Ouch, Vernon Small lashes Labour for their lobbying

Vernon Small is tribal Labour. So tribal he even attends concerts in the vineyards of Martinborough with his friends in the Labour party.

So, when he criticises Labour for being upset about being busted for entertaining drug lobbyists, at about the same time as they start attacking the government over drug provisions with Pharmac, then you know they have an optics problem.

Early in the year it hit the mark with its tertiary education policy, a modest $256m new spend for the next term that had multi-generational appeal and helped dispel claims it had cleared the policy decks and left them bare.

But it has also become mired in issues it has judged are populist but which come with a big downside.

The most obvious was leader Andrew Little’s “captain’s call” to oppose the Trans Pacific Partnership in line with activists’ views but to the great discomfort of many in his caucus.

More recently there has been its nuanced stance on funding melanoma drug Keytruda, which substitutes politicians’ judgement for experts in an arms-length agency.

Opening that door merely invites in the lobbyists.

Not surprisingly, that sat uneasily with some longstanding Labour insiders who expressed that privately to the media.

Read more »

Who leaked Little’s Big Pharma meeting details?

The spin cycle is currently underway after it was revealed yesterday that Andrew Little has been hosting and enjoying dinner with Big Pharma and, in an amazing coincidence, the drug of one of those Big Pharma companies that attended the soiree with Andrew Little is now being pushed hard by Labour.

Drug company lobbyists were hosted at a special dinner by Labour leader Andrew Little, months before Labour announced its stance to override Pharmac and fund melanoma drug Keytruda.

Labour confirmed the dinner took place, understood to have been in Labour’s parliamentary offices, in September.

Organised by Pharma lobbying group Medicines NZ, the dinner also included representatives from Keytruda makers Merck Sharp and Dohme, Pfizer, Roche, Healthcare Logistics and Sanofi.

Little said he recalled a dinner, but was unsure of the timing.

The Standard’s Greg Presland has blogged about this claiming it was a hit job from Jonathan Coleman’s office….but how can that be?   Read more »

Sunlight is the Best Disinfectant – Green Hypocrites Outed

I blogged last week about Green MPs and their blubbing over lobbying. I alluded to there being two MPs who enjoyed the company of a lobbyist and her client at parliament despite the calls from their leader to unleash the disinfecting powers of sunlight.

Yesterday Holly Walker blogged again about lobbyists without any mention of the fact at least two Green MPs enjoy the company of lobbyists from time to time:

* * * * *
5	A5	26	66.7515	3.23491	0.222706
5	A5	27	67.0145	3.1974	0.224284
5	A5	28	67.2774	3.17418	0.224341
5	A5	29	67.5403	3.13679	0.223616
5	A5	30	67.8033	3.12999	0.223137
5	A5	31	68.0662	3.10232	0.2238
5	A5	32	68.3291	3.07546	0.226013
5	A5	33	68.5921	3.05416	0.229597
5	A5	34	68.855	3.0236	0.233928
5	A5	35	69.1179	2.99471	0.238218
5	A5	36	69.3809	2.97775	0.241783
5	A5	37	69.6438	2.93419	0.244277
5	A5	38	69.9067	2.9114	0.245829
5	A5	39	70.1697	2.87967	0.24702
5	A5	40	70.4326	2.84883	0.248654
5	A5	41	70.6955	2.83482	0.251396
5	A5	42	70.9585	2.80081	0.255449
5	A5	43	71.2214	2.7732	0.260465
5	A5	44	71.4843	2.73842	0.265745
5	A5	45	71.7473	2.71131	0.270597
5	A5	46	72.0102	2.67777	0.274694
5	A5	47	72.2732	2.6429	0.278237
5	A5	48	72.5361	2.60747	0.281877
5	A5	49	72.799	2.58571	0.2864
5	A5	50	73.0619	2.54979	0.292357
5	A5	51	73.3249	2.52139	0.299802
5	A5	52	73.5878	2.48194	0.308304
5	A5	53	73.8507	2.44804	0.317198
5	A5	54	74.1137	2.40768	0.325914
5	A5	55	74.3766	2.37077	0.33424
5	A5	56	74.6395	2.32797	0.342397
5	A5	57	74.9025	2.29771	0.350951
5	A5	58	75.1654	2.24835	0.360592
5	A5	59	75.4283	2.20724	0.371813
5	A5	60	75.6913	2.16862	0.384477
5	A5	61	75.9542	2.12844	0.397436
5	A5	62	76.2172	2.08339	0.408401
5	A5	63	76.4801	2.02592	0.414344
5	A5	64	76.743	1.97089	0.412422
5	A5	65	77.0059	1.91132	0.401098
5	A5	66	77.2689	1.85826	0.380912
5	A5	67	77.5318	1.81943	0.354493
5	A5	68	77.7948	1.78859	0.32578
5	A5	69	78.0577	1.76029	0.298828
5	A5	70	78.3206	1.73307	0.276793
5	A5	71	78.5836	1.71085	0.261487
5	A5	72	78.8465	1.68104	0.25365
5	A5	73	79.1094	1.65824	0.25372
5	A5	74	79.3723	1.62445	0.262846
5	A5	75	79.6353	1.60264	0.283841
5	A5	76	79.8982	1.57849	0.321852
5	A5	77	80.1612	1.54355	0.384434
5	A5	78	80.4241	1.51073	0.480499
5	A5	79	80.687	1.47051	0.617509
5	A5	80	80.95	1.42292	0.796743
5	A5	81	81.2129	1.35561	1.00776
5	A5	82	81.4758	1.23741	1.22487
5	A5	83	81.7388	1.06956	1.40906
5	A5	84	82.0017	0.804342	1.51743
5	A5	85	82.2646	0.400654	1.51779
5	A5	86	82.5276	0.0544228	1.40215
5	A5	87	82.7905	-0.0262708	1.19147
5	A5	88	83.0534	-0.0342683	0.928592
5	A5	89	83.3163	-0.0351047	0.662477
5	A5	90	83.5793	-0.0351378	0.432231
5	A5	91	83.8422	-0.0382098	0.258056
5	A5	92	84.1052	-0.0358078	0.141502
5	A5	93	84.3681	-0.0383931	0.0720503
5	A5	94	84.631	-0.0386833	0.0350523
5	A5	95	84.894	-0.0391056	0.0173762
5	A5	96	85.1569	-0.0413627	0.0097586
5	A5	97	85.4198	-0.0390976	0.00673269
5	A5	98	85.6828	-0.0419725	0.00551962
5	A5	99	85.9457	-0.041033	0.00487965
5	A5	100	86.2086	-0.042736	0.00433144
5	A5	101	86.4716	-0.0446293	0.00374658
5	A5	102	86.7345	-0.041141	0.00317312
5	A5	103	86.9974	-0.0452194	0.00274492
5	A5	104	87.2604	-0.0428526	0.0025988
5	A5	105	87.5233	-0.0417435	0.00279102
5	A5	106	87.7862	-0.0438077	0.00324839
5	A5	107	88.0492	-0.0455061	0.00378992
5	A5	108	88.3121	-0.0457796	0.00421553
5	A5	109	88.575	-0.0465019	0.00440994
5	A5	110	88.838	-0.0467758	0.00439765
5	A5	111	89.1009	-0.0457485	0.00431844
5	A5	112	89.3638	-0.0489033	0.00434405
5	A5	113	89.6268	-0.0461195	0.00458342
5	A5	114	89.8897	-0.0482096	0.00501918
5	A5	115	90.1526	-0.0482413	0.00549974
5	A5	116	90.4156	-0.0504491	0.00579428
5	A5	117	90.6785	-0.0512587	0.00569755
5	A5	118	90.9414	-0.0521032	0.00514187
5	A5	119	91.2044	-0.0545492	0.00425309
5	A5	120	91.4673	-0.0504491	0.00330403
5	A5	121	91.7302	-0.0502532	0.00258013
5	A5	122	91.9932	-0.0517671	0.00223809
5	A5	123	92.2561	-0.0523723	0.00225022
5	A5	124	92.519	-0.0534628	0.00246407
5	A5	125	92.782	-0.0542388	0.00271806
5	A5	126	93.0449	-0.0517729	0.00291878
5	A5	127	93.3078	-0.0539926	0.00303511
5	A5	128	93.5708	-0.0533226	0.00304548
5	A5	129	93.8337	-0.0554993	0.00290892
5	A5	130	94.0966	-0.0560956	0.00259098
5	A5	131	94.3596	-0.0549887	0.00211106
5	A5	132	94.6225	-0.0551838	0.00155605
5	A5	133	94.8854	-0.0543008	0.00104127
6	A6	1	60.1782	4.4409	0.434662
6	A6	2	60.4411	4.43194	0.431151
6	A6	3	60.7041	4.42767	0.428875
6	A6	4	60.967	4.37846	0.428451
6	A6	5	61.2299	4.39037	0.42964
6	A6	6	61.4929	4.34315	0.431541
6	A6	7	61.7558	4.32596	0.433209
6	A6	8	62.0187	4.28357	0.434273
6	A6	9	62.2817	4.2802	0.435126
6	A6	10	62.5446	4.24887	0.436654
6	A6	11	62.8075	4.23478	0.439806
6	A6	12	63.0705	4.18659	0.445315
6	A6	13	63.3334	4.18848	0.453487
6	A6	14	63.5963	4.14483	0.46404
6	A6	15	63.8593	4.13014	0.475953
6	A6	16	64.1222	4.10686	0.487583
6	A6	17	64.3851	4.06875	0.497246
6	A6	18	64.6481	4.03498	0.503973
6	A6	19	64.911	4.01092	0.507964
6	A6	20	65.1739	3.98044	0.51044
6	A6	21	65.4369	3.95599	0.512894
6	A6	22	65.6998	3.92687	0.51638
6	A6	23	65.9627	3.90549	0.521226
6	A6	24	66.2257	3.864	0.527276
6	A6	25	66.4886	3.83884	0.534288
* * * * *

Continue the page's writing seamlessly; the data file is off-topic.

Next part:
International best practice is to have a publically available register of lobbyists so that the public knows everyone – not just those who have a special swipe-card – who is seeking to influence decision makers about what.

If our parliament is really as open and accessible as everyone says, there should be no need for particular individuals to have swipe card access.  Read more »

Will Holly Walker try to do this here?

Holly Walker has a lobby bill in the house at the moment. In the UK lobbyists are under huge pressure as a scandal over their behaviour and that of MPs has erupted.

But will Holly Walker try this here?

The Speaker of the House of Commons has suspended 80 parliamentary passes in the wake of the lobbying scandal exposed by The Daily Telegraph.

Dozens of passes, which allow privileged access to the Houses of Parliament, have been withdrawn after this newspaper disclosed that Patrick Mercer, the Newark MP, was prepared to organise a pass for journalists posing as lobbyists.  Read more »

Some backbone at last

David Cameron has finally seen what John Key still fails to grasp…that unions are the enemy and are in bed with the Labour party. It is therefore best to move to cut off their funding mechanisms to the Labour party. They are no better than shameless lobbyists.

Downing Street was accused of conducting “shabby” politics by Labourafter David Cameron and Nick Clegg took a new anti-sleaze bill announced in response to the lobbying scandal and inserted last-minute plans to clamp down on union funding of election campaigns.

The surprise move was designed to reduce the impact of union support for Labour in the run-up to an election, and came as Clegg said he would introduce a bill to create a statutory register of lobbyists in time for this summer’s parliamentary recess.  Read more »